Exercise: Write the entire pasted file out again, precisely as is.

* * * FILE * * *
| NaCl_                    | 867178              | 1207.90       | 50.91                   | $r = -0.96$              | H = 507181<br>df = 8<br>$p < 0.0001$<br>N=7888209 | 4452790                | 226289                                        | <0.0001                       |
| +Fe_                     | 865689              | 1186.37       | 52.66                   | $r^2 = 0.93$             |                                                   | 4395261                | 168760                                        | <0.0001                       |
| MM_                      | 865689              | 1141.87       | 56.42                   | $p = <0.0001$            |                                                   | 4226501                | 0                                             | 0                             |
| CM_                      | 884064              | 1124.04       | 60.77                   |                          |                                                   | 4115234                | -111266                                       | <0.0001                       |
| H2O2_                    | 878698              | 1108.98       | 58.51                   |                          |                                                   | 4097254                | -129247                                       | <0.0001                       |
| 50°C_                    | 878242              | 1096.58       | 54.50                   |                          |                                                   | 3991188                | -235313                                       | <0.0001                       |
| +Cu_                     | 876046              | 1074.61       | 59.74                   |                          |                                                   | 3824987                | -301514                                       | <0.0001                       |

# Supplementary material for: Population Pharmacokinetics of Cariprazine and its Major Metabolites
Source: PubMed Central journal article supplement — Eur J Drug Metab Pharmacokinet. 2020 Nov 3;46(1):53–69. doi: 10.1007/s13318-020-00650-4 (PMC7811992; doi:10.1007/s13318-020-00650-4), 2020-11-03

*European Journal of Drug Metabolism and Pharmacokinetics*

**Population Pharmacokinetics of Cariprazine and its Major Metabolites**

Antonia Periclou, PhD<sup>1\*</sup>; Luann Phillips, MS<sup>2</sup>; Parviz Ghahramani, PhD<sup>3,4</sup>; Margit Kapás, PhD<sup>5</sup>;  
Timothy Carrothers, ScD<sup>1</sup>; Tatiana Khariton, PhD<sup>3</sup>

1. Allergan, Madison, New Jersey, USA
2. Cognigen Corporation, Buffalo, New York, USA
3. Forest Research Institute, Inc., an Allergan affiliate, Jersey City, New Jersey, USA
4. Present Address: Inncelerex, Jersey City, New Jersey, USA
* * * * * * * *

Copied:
| NaCl_                    | 867178              | 1207.90       | 50.91                   | $r = -0.96$              | H = 507181<br>df = 8<br>$p < 0.0001$<br>N=7888209 | 4452790                | 226289                                        | <0.0001                       |
| +Fe_                     | 865689              | 1186.37       | 52.66                   | $r^2 = 0.93$             |                                                   | 4395261                | 168760                                        | <0.0001                       |
| MM_                      | 865689              | 1141.87       | 56.42                   | $p = <0.0001$            |                                                   | 4226501                | 0                                             | 0                             |
| CM_                      | 884064              | 1124.04       | 60.77                   |                          |                                                   | 4115234                | -111266                                       | <0.0001                       |
| H2O2_                    | 878698              | 1108.98       | 58.51                   |                          |                                                   | 4097254                | -129247                                       | <0.0001                       |
| 50°C_                    | 878242              | 1096.58       | 54.50                   |                          |                                                   | 3991188                | -235313                                       | <0.0001                       |
| +Cu_                     | 876046              | 1074.61       | 59.74                   |                          |                                                   | 3824987                | -301514                                       | <0.0001                       |

# Supplementary material for: Population Pharmacokinetics of Cariprazine and its Major Metabolites
Source: PubMed Central journal article supplement — Eur J Drug Metab Pharmacokinet. 2020 Nov 3;46(1):53–69. doi: 10.1007/s13318-020-00650-4 (PMC7811992; doi:10.1007/s13318-020-00650-4), 2020-11-03

*European Journal of Drug Metabolism and Pharmacokinetics*

**Population Pharmacokinetics of Cariprazine and its Major Metabolites**

Antonia Periclou, PhD<sup>1\*</sup>; Luann Phillips, MS<sup>2</sup>; Parviz Ghahramani, PhD<sup>3,4</sup>; Margit Kapás, PhD<sup>5</sup>;  
Timothy Carrothers, ScD<sup>1</sup>; Tatiana Khariton, PhD<sup>3</sup>

1. Allergan, Madison, New Jersey, USA
2. Cognigen Corporation, Buffalo, New York, USA
3. Forest Research Institute, Inc., an Allergan affiliate, Jersey City, New Jersey, USA
4. Present Address: Inncelerex, Jersey City, New Jersey, USA